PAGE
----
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McConnel, Ursula Hope (1888 - 1957)

Born
27 October 1888
Cressbrook, near Toogoolawah, Queensland, Australia
Died
6 November 1957
Queensland, Australia
Occupation
Anthropologist and Photographer

Summary

Ursula McConnel is recognised as an influential anthropologist of the Cape York Peninsula and a talented amateur photographer. McConnel used her photographs to illustrate publications of her research in magazines and ethnographic journals such as Oceania and Walkabout. She was also a collector of Indigenous artefacts.

Content added for original entry by Lee Butterworth, last modified 11 June 2009

As one of the first students of A. R. Radcliffe-Brown's Australian tenureship, Ursula McConnel conducted ethnographic fieldwork as a participant-observer in western Cape York Peninsula between 1927 and 1934. She worked chiefly among the Wik peoples, particularly the Wik Mungkan based at Aurukun Mission. As part of her anthropological study McConnel amassed a substantial material culture collection of over five hundred artefacts. Together with Donald Thomson's collection from the same area, it forms a unique record of Wik Mungkan material culture from that period. In 2006 a large collection of professional papers belonging to Ursula was discovered and donated to the South Australian Museum.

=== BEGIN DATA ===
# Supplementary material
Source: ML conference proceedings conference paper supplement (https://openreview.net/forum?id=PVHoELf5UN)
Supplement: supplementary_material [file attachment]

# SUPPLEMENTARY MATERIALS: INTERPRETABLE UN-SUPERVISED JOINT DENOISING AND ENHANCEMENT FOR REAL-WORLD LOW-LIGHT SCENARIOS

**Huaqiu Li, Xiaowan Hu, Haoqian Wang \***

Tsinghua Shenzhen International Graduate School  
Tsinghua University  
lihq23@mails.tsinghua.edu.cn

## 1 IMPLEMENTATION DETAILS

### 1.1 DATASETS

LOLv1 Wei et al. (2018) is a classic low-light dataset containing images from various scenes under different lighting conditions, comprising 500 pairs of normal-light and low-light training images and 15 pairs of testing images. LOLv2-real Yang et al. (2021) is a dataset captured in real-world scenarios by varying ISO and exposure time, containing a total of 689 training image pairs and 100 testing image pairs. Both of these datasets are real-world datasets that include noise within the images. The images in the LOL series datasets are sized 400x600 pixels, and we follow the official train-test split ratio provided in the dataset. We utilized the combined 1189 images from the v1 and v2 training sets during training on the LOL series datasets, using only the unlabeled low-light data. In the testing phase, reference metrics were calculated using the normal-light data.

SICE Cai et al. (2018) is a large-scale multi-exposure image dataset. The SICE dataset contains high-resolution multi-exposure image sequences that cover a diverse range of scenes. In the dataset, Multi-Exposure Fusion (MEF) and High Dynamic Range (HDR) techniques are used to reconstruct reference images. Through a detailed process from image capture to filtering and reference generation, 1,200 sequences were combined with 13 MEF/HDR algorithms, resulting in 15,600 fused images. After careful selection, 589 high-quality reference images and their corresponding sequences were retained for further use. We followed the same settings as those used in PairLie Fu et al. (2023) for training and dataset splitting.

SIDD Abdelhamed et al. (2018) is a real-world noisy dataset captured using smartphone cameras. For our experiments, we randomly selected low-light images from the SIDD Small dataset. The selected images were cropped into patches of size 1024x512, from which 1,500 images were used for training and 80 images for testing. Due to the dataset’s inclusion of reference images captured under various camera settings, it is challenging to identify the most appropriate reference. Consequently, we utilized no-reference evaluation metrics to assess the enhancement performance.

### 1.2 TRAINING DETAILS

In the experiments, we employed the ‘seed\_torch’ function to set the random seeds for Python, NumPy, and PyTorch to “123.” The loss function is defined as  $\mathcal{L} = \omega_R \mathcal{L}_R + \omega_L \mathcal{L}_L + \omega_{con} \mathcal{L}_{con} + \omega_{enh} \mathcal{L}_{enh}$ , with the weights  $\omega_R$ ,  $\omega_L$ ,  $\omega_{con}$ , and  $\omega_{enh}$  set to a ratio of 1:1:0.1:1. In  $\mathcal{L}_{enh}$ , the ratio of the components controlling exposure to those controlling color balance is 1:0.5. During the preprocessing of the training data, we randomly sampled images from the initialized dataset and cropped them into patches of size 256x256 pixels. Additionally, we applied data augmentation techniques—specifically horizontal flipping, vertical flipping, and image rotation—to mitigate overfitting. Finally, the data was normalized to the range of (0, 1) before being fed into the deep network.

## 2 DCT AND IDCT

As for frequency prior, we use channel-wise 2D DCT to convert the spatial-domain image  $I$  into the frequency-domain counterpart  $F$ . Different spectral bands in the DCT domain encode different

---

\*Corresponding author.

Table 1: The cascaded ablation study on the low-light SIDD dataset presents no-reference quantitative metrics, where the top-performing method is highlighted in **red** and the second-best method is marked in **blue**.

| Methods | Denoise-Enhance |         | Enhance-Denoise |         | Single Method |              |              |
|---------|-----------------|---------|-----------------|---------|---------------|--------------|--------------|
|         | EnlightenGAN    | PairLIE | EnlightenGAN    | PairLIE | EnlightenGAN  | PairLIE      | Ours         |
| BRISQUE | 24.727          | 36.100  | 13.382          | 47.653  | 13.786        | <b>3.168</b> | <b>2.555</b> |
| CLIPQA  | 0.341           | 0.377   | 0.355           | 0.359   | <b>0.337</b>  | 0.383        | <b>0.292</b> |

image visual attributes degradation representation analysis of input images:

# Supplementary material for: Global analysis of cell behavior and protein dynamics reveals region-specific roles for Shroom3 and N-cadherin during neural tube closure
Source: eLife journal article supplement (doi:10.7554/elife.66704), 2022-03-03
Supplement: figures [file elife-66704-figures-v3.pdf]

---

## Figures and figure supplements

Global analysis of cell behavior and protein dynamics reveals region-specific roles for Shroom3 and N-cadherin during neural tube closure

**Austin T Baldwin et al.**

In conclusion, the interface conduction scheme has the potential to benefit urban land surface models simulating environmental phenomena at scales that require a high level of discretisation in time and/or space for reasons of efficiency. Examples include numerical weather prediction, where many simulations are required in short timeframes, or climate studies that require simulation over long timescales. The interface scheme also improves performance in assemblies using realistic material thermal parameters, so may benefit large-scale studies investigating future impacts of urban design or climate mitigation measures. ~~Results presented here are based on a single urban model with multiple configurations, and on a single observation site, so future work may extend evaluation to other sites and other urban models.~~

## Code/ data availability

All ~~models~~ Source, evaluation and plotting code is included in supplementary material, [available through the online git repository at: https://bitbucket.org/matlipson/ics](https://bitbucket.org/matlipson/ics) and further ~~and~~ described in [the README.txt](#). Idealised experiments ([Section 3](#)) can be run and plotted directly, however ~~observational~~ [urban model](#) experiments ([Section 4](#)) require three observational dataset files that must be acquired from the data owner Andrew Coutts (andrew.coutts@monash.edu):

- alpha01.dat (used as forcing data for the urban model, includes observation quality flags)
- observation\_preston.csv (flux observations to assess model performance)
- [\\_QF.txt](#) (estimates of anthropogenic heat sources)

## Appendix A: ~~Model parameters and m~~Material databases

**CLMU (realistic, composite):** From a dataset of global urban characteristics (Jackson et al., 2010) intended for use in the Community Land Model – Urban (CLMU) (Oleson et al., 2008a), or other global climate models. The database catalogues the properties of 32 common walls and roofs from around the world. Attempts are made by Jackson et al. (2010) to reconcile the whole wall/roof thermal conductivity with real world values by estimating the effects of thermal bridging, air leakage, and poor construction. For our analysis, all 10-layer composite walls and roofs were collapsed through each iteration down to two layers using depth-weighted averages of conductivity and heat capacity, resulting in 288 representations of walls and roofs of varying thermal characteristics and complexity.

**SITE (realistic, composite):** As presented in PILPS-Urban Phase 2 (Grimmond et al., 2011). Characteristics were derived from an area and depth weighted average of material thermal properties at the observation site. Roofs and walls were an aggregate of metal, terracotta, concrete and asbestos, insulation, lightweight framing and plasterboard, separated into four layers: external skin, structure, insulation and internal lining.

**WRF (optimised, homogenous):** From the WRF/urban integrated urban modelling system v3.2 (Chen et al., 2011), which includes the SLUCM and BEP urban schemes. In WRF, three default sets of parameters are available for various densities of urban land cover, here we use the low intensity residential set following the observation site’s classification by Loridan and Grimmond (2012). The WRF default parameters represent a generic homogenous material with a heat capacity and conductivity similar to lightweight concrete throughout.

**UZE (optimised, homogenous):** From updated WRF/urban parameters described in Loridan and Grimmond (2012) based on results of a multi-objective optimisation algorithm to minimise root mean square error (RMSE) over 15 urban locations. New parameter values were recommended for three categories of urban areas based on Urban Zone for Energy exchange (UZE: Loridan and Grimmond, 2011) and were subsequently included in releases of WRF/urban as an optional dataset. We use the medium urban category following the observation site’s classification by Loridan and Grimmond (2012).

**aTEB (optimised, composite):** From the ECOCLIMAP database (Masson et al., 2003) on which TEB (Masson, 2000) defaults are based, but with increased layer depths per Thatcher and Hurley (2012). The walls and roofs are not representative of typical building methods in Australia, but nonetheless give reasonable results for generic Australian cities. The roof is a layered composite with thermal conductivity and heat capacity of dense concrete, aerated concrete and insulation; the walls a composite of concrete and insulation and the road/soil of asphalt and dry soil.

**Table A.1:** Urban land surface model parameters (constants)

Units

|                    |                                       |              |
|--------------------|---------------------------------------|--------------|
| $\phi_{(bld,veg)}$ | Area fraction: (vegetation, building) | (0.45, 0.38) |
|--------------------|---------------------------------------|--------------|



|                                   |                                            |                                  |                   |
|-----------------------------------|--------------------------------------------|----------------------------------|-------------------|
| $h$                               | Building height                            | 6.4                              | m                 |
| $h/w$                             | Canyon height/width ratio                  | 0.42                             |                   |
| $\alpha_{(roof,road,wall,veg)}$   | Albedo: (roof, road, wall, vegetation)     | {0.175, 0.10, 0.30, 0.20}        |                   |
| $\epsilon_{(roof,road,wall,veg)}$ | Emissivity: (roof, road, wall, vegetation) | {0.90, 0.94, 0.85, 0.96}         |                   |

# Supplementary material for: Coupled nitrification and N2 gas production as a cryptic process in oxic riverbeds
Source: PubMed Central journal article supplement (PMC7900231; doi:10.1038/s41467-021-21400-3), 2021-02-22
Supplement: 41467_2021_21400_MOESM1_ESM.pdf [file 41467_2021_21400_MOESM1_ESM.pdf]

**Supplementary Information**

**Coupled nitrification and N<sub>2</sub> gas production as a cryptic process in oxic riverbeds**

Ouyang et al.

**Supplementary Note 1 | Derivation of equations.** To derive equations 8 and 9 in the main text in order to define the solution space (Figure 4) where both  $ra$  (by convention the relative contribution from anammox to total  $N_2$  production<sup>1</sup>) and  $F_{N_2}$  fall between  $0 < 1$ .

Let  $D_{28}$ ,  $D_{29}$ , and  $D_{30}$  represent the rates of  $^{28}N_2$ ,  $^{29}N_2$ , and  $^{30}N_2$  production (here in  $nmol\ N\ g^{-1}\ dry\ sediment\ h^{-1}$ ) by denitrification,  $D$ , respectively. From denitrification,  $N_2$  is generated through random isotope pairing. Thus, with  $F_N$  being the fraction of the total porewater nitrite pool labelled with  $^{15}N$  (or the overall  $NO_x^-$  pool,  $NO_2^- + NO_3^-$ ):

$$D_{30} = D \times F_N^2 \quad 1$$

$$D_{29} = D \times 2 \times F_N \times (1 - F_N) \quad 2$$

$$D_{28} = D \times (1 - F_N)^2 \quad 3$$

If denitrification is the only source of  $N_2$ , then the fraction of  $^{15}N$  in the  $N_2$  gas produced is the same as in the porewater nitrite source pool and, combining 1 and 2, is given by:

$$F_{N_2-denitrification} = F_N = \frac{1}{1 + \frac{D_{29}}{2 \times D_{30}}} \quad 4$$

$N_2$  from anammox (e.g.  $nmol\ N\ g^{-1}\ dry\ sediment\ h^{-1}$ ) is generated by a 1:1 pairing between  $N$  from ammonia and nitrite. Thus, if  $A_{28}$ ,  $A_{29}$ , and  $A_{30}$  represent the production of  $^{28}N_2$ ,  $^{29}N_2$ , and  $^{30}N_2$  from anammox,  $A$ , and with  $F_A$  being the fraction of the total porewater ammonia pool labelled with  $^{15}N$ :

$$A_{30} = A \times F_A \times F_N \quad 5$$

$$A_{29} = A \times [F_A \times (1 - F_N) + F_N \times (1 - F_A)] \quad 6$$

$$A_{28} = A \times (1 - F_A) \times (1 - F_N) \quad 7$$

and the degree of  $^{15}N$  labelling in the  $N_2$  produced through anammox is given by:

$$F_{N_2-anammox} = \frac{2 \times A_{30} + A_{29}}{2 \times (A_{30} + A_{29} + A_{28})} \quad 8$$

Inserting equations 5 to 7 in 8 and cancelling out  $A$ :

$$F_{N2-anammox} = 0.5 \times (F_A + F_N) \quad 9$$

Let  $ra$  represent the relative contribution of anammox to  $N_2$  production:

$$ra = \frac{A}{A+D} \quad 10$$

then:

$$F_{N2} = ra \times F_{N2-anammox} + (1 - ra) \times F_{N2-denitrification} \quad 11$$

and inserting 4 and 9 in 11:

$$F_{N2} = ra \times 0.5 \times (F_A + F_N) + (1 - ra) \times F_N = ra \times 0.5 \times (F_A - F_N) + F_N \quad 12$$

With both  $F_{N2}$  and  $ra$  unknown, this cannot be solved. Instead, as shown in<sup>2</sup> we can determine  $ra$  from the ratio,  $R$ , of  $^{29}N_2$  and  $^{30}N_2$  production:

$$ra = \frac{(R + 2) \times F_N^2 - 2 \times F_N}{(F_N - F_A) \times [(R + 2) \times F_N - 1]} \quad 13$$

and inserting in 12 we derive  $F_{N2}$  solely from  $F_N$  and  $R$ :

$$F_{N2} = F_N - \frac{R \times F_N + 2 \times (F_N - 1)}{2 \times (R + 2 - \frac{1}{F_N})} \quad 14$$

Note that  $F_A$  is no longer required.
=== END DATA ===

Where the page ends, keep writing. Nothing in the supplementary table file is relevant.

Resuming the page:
Details

Ursula McConnel was an academic and a talented amateur photographer who used her photographs to illustrate her articles, which were published in magazines and ethnographic journals such as Walkabout.